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In-person waivers raise school district calls for more exceptions
The Holiday Farm fire burned around the McKenzie School District campus, destroying or damaging some structures. The district was granted permission to fully open to students but isn’t in a position to bring students to campus yet. (Photo by Rachel Baker, OSBA)
The Oregon Department of Education showed flexibility this week with its COVID-19 metrics, but that leaves some school districts outside looking in.
The metrics set a coronavirus-case bar for in-person learning, a bright line between state control and local decision-making. But as ODE grants exemptions, including for districts hard-hit by September wildfires, it faces increasing pressure from mostly rural districts eager to reopen their classrooms.
“We’re trying to balance consistency and clear expectations while navigating what are really nuanced details,” said Scott Nine, assistant superintendent of the ODE Office of Education Innovation and Improvement.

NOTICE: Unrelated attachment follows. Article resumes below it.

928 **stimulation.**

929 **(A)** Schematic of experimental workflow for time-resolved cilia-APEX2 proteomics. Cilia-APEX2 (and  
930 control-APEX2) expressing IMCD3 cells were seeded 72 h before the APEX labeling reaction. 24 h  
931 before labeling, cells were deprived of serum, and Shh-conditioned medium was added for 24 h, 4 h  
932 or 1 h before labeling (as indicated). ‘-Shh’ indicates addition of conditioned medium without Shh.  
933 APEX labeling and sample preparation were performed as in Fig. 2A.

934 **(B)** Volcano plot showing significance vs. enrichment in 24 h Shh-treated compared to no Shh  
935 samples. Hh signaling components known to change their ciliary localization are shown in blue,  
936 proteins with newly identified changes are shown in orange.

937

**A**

Officials tried to create a statewide science-based framework that gives schools guidance on opening while leaving the details to school boards and administrators. But some school districts, struggling with distance learning’s failings, want more consideration of local conditions and community desires.
Nine said that in mid-July when ODE was developing the metrics, some school leaders clearly were feeling overwhelmed by being thrust into the role of epidemiologists. School leaders asked for guidance, he said.